I was watching a "Learn German" video and heard this line:

...das ist doch Schnee von gestern!

I think I understand it, but would like to make sure. I understand that literally means "Snow from yesterday." Does this mean "Old News" or "passe"?

  • When I used Google translate, the expression it gives me is "Water under the bridge." One can reasonably ask if this is synonymous with "snow from yesterday."
    – Tom Au
    Apr 16 '14 at 15:46

It does mean exactly what you suspect, old news.

It has a humorous, yet somewhat defensive connotation, like when someone calls you out on something unfavorable and you are trying to downplay the significance of the claim, without questioning its accuracy.

  • "downplay" is subjective and has negative connotation. Objectively the phrase really just means gone, literally liquidated or at least old, known.
    – vectory
    Dec 2 '19 at 20:56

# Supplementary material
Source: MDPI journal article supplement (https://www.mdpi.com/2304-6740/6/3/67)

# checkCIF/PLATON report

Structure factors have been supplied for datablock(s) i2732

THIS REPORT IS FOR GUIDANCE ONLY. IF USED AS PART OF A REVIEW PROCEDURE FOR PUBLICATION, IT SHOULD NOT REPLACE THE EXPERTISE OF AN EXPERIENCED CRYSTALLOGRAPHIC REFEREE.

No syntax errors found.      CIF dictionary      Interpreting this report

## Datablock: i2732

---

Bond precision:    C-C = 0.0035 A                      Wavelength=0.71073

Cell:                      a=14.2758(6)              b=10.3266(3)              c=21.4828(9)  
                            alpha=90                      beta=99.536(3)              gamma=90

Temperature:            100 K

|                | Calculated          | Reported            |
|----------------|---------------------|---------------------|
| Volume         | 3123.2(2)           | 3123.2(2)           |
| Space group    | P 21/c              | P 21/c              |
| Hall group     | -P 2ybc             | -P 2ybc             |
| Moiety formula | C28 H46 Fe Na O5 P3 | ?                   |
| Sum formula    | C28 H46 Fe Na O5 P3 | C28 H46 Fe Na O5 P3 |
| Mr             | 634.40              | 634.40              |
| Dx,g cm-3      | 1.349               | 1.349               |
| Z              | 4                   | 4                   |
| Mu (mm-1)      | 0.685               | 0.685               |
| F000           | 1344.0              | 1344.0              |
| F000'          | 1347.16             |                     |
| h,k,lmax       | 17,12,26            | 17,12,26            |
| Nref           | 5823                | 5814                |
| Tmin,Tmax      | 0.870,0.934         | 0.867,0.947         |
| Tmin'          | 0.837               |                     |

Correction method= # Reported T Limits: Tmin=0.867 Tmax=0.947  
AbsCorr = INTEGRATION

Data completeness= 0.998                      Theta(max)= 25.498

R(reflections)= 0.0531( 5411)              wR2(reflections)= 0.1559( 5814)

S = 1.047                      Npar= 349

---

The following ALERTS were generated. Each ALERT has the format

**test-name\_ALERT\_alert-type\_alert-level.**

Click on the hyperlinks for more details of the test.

"Schnee von gestern" is a swift way of saying that something is already "passé" and has no more importance to the topic being discussed/talked about. A synonym is

"Das ist längst kalter Kaffee!".

Classic applications of these are: news (public or private), new technology/scientific knowledge, fashion.

  • 1
    "That coffee's long cold" is now my new favorite phrase. Is the connotation for either of those phrases any different from "that's old news?" It seems more or less identical from these descriptions.
    – NL7
    Apr 4 '14 at 16:50
  • Yeah, the meaning is really "that's old news". The reason for using the phrases discussed is that they hide the "bare truth" somehow, if the statement shouldn't sound snorty or too direct.
    – Sam
    Apr 4 '14 at 17:12

I always took it to mean "water under the bridge", as in referring to something in the past that isn't worth worrying about anymore.

  • 1
    This has already been stated as a comment over 3 years ago. Dec 1 '19 at 6:01
  • @userunknown but a comment is not an answer :)
    – Arsak
    Dec 1 '19 at 22:14

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